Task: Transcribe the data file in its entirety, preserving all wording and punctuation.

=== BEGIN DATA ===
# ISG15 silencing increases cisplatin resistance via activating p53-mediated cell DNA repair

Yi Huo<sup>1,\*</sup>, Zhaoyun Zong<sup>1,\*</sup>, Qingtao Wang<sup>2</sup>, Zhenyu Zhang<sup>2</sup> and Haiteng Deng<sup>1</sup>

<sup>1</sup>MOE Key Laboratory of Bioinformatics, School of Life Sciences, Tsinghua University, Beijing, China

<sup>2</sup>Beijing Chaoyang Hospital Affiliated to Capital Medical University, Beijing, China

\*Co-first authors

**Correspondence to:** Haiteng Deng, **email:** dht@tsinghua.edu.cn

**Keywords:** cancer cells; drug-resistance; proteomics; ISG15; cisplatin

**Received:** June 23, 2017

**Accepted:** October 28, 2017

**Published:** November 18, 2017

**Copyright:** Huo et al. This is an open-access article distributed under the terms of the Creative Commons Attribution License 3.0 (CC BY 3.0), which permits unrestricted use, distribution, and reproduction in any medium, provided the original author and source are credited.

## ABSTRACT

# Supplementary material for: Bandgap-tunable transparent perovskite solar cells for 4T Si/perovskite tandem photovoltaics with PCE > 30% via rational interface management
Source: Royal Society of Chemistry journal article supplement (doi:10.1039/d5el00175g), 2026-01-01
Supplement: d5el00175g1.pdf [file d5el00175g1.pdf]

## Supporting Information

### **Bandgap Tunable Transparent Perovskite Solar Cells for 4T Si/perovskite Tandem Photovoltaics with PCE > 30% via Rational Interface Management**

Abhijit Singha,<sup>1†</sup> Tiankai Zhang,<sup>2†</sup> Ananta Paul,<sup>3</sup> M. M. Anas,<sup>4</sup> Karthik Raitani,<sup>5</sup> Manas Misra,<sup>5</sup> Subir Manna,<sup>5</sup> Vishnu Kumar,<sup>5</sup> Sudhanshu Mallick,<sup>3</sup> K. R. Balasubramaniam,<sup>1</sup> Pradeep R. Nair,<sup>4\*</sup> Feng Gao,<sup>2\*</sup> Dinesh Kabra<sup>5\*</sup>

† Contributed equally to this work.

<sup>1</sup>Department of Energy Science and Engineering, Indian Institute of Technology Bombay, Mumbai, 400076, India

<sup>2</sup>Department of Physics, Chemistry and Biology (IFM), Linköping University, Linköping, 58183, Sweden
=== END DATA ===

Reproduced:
# ISG15 silencing increases cisplatin resistance via activating p53-mediated cell DNA repair

Yi Huo<sup>1,\*</sup>, Zhaoyun Zong<sup>1,\*</sup>, Qingtao Wang<sup>2</sup>, Zhenyu Zhang<sup>2</sup> and Haiteng Deng<sup>1</sup>

<sup>1</sup>MOE Key Laboratory of Bioinformatics, School of Life Sciences, Tsinghua University, Beijing, China

<sup>2</sup>Beijing Chaoyang Hospital Affiliated to Capital Medical University, Beijing, China

\*Co-first authors

**Correspondence to:** Haiteng Deng, **email:** dht@tsinghua.edu.cn

**Keywords:** cancer cells; drug-resistance; proteomics; ISG15; cisplatin

**Received:** June 23, 2017

**Accepted:** October 28, 2017

**Published:** November 18, 2017

**Copyright:** Huo et al. This is an open-access article distributed under the terms of the Creative Commons Attribution License 3.0 (CC BY 3.0), which permits unrestricted use, distribution, and reproduction in any medium, provided the original author and source are credited.

## ABSTRACT

# Supplementary material for: Bandgap-tunable transparent perovskite solar cells for 4T Si/perovskite tandem photovoltaics with PCE > 30% via rational interface management
Source: Royal Society of Chemistry journal article supplement (doi:10.1039/d5el00175g), 2026-01-01
Supplement: d5el00175g1.pdf [file d5el00175g1.pdf]

## Supporting Information

### **Bandgap Tunable Transparent Perovskite Solar Cells for 4T Si/perovskite Tandem Photovoltaics with PCE > 30% via Rational Interface Management**

Abhijit Singha,<sup>1†</sup> Tiankai Zhang,<sup>2†</sup> Ananta Paul,<sup>3</sup> M. M. Anas,<sup>4</sup> Karthik Raitani,<sup>5</sup> Manas Misra,<sup>5</sup> Subir Manna,<sup>5</sup> Vishnu Kumar,<sup>5</sup> Sudhanshu Mallick,<sup>3</sup> K. R. Balasubramaniam,<sup>1</sup> Pradeep R. Nair,<sup>4\*</sup> Feng Gao,<sup>2\*</sup> Dinesh Kabra<sup>5\*</sup>

† Contributed equally to this work.

<sup>1</sup>Department of Energy Science and Engineering, Indian Institute of Technology Bombay, Mumbai, 400076, India

<sup>2</sup>Department of Physics, Chemistry and Biology (IFM), Linköping University, Linköping, 58183, Sweden